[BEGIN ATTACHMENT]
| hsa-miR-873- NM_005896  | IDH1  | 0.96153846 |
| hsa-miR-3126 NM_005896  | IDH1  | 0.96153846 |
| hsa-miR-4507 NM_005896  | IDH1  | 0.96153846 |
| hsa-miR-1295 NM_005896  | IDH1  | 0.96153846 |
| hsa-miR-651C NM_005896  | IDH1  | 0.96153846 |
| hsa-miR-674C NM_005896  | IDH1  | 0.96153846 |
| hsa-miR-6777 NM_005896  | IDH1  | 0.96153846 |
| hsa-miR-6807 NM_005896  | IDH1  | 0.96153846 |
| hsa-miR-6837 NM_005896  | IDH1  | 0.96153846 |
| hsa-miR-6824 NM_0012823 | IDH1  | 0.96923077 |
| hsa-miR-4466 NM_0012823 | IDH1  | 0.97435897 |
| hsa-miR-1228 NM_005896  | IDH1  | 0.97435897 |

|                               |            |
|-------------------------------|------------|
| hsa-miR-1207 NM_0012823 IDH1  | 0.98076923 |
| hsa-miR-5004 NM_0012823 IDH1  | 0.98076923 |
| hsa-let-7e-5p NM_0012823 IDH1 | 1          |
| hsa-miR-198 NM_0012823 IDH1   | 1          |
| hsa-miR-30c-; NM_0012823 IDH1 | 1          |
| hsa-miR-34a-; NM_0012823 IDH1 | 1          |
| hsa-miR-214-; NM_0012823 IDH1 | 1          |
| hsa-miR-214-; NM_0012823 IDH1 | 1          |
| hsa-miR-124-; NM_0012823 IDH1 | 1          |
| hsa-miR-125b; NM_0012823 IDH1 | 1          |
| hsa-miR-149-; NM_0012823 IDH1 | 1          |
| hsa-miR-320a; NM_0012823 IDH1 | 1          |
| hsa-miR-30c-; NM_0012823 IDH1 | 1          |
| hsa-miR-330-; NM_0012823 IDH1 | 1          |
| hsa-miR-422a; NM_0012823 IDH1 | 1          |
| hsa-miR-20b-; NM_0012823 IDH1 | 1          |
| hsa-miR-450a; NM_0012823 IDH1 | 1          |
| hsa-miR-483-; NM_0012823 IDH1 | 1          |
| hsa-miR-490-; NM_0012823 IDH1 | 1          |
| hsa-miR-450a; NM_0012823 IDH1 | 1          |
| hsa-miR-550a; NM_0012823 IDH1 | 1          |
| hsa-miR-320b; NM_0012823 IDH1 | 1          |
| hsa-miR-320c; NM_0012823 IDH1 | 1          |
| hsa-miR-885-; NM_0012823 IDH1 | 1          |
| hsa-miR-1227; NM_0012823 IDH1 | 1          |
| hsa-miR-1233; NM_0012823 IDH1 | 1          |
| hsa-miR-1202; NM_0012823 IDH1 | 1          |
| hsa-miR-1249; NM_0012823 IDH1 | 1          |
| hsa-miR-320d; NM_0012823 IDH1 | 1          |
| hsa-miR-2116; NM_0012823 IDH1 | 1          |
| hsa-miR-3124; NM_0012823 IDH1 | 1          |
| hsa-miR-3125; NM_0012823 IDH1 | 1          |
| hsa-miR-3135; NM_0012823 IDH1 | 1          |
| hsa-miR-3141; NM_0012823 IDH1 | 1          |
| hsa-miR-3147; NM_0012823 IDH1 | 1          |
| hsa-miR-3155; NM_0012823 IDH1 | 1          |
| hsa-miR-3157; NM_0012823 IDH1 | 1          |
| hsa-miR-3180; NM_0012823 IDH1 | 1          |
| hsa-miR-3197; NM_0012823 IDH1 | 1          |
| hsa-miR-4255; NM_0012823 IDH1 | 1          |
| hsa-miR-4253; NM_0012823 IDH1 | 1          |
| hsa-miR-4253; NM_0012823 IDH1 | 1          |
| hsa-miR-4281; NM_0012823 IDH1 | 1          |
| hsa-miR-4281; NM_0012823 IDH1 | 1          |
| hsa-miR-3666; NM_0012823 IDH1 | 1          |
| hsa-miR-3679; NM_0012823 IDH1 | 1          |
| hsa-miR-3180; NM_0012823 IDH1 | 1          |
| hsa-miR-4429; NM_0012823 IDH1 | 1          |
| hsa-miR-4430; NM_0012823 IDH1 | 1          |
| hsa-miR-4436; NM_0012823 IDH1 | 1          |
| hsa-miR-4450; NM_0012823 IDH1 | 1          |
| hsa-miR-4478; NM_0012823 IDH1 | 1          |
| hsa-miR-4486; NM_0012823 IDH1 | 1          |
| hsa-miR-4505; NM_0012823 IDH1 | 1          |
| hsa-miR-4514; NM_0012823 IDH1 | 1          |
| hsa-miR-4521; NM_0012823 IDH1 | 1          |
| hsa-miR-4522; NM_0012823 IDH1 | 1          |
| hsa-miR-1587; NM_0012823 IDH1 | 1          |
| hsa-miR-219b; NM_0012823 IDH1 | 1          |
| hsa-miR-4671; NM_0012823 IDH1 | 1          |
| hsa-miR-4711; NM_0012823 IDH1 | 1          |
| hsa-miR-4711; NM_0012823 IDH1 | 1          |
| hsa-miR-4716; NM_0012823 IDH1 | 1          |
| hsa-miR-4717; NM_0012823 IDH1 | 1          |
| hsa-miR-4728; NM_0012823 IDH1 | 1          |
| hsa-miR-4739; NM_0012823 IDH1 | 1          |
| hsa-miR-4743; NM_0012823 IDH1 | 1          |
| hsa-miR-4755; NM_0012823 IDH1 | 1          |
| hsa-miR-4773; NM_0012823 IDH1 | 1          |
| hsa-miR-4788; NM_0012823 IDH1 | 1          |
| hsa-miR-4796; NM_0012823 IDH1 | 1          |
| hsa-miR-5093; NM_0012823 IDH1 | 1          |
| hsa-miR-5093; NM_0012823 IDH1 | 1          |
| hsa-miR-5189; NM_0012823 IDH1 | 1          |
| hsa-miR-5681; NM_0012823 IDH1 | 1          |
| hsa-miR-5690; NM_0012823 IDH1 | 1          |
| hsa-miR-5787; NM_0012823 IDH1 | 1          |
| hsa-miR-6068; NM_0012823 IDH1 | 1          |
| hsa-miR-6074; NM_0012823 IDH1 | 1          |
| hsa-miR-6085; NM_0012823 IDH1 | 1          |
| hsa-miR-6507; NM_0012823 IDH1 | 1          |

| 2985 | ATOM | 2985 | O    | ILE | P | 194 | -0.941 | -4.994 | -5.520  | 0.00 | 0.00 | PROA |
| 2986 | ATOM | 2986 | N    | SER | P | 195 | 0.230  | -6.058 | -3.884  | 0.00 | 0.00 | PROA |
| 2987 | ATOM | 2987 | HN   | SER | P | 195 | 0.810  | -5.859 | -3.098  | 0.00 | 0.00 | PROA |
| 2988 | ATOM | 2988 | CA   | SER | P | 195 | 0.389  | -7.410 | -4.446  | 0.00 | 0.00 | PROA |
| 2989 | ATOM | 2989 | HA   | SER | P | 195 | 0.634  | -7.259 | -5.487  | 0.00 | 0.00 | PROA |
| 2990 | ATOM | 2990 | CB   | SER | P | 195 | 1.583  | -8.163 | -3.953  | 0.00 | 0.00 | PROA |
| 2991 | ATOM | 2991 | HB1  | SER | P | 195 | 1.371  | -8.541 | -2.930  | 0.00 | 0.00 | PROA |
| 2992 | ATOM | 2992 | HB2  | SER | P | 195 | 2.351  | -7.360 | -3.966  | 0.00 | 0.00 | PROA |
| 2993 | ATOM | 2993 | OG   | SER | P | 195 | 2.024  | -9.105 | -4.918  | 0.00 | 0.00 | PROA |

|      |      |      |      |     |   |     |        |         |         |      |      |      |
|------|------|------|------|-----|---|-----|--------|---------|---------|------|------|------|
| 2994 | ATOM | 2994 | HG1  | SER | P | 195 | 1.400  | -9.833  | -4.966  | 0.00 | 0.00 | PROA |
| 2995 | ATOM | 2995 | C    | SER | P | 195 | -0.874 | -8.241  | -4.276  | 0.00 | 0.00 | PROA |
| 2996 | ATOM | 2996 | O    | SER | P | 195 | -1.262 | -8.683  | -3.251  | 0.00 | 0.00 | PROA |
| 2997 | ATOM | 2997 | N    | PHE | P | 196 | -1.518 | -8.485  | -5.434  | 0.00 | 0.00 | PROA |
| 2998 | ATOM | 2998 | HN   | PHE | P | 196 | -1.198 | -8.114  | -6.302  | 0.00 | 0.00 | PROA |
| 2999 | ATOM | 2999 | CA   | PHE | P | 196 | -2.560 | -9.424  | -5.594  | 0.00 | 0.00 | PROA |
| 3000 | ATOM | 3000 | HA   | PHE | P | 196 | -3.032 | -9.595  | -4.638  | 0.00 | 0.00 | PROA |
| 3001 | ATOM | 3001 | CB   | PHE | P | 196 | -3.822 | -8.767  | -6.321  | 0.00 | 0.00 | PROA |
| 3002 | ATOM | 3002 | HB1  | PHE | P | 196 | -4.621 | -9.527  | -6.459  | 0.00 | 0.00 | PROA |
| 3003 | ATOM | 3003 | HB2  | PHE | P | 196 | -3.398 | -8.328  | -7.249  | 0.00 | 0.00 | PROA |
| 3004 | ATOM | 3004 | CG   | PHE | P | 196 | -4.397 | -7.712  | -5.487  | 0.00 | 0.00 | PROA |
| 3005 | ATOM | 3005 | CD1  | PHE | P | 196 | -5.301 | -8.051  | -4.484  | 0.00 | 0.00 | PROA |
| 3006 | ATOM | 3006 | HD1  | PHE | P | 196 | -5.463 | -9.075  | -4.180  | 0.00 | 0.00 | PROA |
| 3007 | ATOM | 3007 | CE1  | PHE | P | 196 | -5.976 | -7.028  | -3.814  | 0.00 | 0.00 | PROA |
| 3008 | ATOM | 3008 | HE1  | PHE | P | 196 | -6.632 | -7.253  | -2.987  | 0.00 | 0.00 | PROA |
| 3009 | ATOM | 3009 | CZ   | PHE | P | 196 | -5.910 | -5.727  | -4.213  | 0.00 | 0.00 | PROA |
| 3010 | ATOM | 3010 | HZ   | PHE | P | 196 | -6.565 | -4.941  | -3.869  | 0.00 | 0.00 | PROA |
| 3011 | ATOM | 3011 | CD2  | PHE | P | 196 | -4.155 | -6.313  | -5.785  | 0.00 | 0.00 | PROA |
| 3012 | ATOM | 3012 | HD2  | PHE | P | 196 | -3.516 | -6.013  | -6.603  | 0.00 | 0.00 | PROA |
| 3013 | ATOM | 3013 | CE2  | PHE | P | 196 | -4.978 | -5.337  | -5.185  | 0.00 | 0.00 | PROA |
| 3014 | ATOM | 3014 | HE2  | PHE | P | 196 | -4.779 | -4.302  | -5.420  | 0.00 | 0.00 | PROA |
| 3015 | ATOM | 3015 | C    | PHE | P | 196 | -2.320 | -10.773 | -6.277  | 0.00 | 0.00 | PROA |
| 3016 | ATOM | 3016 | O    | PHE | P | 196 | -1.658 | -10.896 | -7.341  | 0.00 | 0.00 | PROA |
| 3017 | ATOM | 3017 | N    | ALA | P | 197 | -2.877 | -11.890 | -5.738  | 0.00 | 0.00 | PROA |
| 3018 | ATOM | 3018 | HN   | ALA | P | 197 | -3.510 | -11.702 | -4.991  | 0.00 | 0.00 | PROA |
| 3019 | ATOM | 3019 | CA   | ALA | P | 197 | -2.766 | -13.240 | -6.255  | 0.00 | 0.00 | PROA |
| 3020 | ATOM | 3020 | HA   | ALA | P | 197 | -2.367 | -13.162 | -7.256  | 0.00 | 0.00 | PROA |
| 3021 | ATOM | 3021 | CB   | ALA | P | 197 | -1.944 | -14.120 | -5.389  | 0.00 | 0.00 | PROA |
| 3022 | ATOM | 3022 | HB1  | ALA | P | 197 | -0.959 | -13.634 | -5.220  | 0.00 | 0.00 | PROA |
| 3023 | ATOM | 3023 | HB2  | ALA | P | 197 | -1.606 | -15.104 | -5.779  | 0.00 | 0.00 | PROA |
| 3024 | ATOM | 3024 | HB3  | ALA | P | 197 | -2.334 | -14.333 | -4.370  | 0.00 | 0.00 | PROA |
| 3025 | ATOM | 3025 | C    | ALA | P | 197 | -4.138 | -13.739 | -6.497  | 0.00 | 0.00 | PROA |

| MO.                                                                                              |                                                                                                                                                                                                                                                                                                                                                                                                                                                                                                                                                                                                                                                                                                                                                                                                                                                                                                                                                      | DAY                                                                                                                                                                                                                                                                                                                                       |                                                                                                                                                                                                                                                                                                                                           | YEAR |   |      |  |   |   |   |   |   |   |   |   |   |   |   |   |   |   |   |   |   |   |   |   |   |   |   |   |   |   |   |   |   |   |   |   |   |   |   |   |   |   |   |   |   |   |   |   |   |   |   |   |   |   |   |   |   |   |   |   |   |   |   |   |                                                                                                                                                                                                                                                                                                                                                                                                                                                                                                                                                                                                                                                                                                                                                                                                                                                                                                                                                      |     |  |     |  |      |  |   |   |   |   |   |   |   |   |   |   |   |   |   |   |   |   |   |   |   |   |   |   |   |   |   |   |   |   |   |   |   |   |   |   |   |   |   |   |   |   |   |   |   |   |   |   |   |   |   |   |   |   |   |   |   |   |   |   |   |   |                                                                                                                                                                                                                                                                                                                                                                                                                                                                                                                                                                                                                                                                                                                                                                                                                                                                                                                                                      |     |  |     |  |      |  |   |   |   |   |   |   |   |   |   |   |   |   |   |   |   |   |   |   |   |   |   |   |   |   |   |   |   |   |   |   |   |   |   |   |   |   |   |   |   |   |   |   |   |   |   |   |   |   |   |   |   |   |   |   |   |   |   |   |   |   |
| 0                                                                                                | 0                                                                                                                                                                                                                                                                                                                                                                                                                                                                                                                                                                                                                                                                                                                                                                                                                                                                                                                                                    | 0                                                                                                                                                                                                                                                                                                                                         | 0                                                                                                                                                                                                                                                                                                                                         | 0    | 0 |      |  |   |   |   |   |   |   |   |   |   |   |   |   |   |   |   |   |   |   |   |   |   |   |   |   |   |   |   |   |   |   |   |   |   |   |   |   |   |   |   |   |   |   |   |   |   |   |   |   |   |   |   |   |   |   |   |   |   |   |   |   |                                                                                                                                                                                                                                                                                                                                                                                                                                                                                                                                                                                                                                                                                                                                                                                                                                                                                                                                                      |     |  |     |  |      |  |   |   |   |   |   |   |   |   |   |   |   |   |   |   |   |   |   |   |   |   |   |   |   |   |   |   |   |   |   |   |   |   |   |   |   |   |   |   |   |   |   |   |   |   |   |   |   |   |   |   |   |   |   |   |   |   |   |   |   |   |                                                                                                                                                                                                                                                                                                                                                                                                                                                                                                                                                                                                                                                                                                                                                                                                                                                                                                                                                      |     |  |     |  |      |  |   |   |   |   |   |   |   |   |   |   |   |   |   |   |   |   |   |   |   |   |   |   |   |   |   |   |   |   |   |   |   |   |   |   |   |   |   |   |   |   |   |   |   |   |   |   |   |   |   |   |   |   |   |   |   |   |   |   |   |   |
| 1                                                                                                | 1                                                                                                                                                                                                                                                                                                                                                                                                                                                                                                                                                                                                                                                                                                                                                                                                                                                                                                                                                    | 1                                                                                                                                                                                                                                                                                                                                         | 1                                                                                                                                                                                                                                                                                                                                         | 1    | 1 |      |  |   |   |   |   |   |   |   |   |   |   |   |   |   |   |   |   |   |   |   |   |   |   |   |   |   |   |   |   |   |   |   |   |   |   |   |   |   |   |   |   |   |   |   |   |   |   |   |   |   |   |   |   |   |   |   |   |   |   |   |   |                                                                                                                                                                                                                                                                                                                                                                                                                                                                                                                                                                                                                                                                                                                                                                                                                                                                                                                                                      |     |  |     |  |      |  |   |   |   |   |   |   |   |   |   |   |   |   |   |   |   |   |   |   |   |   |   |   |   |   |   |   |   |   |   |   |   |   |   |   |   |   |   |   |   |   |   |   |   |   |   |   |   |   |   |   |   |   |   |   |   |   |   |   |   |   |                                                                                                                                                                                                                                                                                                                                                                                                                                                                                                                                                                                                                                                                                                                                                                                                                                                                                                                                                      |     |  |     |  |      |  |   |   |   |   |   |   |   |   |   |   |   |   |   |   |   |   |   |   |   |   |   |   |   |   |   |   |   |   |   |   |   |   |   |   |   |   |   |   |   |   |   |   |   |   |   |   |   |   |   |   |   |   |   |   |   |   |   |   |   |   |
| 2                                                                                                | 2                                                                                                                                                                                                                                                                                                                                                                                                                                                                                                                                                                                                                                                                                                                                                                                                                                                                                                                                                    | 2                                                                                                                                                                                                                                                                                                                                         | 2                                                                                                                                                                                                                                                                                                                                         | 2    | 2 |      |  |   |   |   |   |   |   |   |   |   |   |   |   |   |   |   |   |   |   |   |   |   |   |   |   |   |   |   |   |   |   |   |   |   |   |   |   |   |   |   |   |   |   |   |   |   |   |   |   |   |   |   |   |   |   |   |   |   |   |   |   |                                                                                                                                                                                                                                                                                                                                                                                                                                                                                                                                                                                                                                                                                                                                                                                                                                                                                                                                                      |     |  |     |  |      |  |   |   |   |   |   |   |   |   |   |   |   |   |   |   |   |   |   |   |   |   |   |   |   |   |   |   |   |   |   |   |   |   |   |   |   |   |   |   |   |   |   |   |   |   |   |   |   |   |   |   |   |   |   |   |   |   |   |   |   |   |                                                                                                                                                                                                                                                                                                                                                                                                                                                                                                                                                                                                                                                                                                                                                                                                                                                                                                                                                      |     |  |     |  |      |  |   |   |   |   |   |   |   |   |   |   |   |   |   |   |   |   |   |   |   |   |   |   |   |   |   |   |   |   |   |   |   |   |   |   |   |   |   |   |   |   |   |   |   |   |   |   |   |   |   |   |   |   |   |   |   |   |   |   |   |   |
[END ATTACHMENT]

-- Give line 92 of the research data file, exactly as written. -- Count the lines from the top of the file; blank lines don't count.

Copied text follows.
| hsa-miR-6068; NM_0012823 IDH1 | 1          |